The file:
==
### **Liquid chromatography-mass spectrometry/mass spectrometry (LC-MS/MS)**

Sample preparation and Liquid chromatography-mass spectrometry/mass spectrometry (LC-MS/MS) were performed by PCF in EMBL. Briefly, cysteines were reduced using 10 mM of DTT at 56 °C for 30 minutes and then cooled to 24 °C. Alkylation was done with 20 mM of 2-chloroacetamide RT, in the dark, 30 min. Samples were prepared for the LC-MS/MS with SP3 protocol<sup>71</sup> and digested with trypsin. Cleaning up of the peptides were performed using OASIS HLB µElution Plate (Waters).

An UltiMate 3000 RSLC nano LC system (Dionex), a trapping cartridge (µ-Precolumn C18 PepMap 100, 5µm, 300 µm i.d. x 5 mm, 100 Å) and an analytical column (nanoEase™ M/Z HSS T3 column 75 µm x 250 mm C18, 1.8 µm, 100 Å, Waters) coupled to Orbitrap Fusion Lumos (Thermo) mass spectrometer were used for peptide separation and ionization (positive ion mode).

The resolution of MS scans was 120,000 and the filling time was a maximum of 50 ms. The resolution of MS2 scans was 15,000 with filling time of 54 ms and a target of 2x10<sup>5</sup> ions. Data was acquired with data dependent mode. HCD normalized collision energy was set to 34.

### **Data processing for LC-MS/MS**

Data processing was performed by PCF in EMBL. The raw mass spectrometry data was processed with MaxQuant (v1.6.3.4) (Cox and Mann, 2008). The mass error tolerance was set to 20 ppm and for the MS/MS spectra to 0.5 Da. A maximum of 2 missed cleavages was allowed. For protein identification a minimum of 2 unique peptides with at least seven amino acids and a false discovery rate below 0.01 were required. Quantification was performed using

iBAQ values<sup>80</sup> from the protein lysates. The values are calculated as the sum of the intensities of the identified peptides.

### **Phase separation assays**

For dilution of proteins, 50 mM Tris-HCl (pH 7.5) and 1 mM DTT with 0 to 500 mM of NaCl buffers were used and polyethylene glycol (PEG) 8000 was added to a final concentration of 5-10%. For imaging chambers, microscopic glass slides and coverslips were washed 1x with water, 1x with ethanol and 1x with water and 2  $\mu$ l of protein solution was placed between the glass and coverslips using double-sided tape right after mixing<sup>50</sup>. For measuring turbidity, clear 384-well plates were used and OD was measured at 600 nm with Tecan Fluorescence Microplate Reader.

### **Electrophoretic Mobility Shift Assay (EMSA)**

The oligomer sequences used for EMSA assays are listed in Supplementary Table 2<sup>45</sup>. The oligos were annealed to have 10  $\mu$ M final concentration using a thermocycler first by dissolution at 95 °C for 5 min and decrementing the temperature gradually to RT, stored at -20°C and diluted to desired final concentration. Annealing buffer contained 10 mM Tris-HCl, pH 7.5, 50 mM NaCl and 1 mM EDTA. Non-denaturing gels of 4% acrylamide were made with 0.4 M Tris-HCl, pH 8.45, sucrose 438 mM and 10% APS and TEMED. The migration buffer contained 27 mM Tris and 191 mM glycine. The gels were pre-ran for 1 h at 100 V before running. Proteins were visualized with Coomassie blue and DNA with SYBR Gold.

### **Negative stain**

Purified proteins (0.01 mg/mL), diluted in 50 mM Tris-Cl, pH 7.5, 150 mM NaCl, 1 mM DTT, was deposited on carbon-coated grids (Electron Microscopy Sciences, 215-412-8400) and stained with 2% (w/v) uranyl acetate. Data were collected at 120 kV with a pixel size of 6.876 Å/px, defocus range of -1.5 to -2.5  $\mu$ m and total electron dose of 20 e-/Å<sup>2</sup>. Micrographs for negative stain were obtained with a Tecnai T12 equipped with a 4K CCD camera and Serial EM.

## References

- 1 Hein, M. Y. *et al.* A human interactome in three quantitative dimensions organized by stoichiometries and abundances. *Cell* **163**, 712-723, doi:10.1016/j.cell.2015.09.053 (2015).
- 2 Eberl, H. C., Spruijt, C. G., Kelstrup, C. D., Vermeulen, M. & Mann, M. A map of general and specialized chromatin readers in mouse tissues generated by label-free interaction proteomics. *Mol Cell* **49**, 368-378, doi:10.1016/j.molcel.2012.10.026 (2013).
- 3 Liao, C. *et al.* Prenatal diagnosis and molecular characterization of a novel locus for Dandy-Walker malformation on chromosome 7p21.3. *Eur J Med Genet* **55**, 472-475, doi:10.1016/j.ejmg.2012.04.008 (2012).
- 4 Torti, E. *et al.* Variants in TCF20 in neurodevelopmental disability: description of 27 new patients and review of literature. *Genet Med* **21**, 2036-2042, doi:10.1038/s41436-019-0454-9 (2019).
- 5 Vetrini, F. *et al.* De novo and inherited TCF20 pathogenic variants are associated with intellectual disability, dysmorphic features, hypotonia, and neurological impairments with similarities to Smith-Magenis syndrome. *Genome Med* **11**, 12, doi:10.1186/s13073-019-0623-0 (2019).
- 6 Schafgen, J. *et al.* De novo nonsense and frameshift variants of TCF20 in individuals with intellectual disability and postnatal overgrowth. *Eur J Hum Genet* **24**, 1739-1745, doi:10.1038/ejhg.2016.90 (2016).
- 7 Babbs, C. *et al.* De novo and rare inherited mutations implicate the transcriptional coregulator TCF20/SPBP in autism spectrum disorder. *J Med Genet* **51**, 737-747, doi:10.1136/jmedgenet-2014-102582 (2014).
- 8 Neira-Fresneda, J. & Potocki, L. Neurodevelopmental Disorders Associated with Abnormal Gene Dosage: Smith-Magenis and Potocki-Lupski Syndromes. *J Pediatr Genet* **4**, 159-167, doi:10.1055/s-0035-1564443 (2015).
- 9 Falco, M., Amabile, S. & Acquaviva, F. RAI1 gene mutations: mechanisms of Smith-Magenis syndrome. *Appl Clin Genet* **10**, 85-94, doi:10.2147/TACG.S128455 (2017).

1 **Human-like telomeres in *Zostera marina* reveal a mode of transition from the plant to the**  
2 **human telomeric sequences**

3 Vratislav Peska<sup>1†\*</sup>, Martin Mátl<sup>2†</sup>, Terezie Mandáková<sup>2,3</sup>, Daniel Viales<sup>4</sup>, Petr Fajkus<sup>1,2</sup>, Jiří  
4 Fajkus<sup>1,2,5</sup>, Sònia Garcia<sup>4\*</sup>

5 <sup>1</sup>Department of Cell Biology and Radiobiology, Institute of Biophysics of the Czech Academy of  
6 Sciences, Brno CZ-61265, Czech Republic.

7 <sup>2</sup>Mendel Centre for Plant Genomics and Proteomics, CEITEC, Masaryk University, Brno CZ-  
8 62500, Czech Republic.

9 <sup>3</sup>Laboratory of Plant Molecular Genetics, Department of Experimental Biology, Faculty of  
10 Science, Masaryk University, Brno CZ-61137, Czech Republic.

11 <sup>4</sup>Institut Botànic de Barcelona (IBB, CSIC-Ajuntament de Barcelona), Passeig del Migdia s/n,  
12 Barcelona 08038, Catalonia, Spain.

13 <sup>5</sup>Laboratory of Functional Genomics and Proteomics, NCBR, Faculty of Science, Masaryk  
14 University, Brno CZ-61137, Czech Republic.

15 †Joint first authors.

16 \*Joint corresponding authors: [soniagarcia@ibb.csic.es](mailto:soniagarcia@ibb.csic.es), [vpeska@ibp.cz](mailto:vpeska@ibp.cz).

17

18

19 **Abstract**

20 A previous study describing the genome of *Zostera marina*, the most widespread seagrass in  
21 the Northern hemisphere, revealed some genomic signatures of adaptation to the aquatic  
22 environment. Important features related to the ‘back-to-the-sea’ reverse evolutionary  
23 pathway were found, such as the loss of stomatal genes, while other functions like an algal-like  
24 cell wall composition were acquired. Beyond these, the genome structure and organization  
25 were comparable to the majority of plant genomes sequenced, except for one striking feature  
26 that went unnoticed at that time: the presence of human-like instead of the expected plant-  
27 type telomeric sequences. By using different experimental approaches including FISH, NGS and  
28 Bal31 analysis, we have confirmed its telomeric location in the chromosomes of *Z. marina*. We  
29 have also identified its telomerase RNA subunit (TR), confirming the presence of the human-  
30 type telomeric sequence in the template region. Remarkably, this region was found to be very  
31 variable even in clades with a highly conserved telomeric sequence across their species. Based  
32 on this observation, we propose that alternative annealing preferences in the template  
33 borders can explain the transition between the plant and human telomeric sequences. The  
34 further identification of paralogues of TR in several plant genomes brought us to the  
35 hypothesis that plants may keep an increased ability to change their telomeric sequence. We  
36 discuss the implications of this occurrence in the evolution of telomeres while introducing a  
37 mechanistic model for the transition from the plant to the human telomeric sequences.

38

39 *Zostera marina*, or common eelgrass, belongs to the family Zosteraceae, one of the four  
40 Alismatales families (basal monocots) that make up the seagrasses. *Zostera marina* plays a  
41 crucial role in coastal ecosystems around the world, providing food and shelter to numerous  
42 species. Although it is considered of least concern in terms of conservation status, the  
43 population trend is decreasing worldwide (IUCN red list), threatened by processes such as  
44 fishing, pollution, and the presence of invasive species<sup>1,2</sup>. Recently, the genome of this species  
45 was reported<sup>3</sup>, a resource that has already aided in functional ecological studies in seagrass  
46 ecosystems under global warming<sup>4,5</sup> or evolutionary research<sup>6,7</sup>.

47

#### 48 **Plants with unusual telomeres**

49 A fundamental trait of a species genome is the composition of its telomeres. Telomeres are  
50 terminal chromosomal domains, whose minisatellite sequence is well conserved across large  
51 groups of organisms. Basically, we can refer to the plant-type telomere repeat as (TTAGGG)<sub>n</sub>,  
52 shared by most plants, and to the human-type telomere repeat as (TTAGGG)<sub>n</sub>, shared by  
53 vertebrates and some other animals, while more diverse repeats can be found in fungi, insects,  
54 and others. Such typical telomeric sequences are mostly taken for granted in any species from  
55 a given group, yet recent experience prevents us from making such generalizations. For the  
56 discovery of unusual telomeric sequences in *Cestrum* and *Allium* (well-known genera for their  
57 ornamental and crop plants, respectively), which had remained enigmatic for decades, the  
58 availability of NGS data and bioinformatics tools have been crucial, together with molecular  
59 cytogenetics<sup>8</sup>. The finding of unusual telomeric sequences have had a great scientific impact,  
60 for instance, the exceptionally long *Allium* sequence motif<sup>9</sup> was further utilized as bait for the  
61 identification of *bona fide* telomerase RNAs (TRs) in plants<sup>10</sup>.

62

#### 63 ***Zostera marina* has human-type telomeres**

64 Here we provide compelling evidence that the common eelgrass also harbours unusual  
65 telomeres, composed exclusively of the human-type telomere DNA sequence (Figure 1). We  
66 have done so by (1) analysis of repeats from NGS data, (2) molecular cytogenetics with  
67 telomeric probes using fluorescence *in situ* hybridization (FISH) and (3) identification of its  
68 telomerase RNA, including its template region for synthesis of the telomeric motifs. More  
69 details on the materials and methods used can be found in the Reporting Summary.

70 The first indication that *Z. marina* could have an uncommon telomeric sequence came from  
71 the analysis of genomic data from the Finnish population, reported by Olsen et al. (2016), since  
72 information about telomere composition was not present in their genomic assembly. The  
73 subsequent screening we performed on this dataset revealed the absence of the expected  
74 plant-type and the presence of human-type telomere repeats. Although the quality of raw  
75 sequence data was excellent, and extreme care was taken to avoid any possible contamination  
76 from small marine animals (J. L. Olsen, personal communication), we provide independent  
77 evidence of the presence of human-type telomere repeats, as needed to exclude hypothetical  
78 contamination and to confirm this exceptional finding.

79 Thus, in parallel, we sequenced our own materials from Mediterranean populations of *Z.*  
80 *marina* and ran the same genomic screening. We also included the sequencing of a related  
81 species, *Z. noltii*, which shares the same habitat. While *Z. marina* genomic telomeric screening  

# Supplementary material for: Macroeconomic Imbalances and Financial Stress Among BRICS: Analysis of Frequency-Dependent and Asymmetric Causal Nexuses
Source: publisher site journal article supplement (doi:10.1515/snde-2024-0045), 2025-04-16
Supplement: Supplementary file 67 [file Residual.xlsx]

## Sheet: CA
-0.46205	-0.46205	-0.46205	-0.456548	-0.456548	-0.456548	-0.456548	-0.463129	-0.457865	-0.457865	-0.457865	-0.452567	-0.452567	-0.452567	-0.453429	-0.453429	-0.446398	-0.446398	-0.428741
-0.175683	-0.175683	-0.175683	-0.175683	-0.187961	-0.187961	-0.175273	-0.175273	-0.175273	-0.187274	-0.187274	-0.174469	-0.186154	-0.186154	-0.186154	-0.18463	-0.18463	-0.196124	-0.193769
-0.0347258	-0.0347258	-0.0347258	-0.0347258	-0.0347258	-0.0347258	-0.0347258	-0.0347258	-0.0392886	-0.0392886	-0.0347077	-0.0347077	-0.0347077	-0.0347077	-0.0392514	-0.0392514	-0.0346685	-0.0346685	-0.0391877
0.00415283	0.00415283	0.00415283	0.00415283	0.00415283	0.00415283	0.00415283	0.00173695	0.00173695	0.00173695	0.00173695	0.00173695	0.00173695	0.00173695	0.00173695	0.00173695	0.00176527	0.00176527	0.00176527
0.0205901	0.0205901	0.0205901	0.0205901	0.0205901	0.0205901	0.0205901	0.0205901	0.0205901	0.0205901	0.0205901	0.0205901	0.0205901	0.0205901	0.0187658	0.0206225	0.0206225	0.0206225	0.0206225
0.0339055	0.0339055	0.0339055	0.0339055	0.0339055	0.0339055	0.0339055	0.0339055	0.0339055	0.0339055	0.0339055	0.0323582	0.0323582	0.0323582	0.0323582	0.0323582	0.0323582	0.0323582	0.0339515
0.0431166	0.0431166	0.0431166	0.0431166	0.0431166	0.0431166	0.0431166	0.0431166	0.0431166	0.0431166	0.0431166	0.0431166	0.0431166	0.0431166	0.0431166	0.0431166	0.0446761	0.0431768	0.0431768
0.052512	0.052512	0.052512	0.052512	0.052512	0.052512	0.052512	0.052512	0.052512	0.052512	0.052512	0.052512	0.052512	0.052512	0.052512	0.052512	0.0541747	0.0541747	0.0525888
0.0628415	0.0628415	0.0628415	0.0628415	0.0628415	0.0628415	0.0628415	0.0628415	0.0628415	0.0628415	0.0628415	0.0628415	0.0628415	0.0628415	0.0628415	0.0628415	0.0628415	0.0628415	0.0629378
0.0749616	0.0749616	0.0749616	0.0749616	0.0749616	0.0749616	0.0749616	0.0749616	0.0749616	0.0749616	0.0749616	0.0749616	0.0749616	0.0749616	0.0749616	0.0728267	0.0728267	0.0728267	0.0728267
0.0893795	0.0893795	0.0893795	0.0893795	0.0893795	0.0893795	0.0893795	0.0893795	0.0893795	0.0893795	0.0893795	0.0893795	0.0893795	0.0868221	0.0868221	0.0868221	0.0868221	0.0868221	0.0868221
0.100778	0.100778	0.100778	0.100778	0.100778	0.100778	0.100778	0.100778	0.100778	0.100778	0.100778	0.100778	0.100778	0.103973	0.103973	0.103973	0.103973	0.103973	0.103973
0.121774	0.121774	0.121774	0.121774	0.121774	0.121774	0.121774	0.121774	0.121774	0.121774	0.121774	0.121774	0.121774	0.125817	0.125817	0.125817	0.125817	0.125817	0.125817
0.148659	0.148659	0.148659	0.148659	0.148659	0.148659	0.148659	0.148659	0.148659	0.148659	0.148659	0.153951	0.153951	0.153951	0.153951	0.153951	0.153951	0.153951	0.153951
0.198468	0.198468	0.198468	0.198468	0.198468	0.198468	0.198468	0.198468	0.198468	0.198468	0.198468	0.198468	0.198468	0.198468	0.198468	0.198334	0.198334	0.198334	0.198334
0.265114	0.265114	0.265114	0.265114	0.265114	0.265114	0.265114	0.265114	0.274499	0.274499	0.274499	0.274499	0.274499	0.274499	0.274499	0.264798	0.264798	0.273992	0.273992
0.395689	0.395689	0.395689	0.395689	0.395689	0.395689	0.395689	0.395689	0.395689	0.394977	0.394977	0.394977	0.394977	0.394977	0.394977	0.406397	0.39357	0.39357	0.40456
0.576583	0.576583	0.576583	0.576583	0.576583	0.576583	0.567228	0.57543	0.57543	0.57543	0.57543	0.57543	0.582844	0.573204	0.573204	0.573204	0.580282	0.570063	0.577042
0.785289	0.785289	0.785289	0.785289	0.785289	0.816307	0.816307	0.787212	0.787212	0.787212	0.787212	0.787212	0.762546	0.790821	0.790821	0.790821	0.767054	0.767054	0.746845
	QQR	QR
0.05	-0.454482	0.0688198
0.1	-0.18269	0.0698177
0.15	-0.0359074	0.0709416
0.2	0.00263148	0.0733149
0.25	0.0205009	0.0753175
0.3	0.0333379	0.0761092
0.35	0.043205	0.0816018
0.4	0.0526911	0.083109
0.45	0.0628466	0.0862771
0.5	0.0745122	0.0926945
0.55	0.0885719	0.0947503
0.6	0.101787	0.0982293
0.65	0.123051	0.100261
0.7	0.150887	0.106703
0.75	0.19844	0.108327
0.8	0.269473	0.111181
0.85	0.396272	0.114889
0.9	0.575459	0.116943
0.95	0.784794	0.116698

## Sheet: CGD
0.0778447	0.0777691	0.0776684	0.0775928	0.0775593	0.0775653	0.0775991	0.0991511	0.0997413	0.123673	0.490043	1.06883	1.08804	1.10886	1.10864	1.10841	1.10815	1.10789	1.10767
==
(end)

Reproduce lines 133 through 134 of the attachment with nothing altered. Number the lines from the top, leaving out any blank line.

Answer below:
0.25	0.0205009	0.0753175
0.3	0.0333379	0.0761092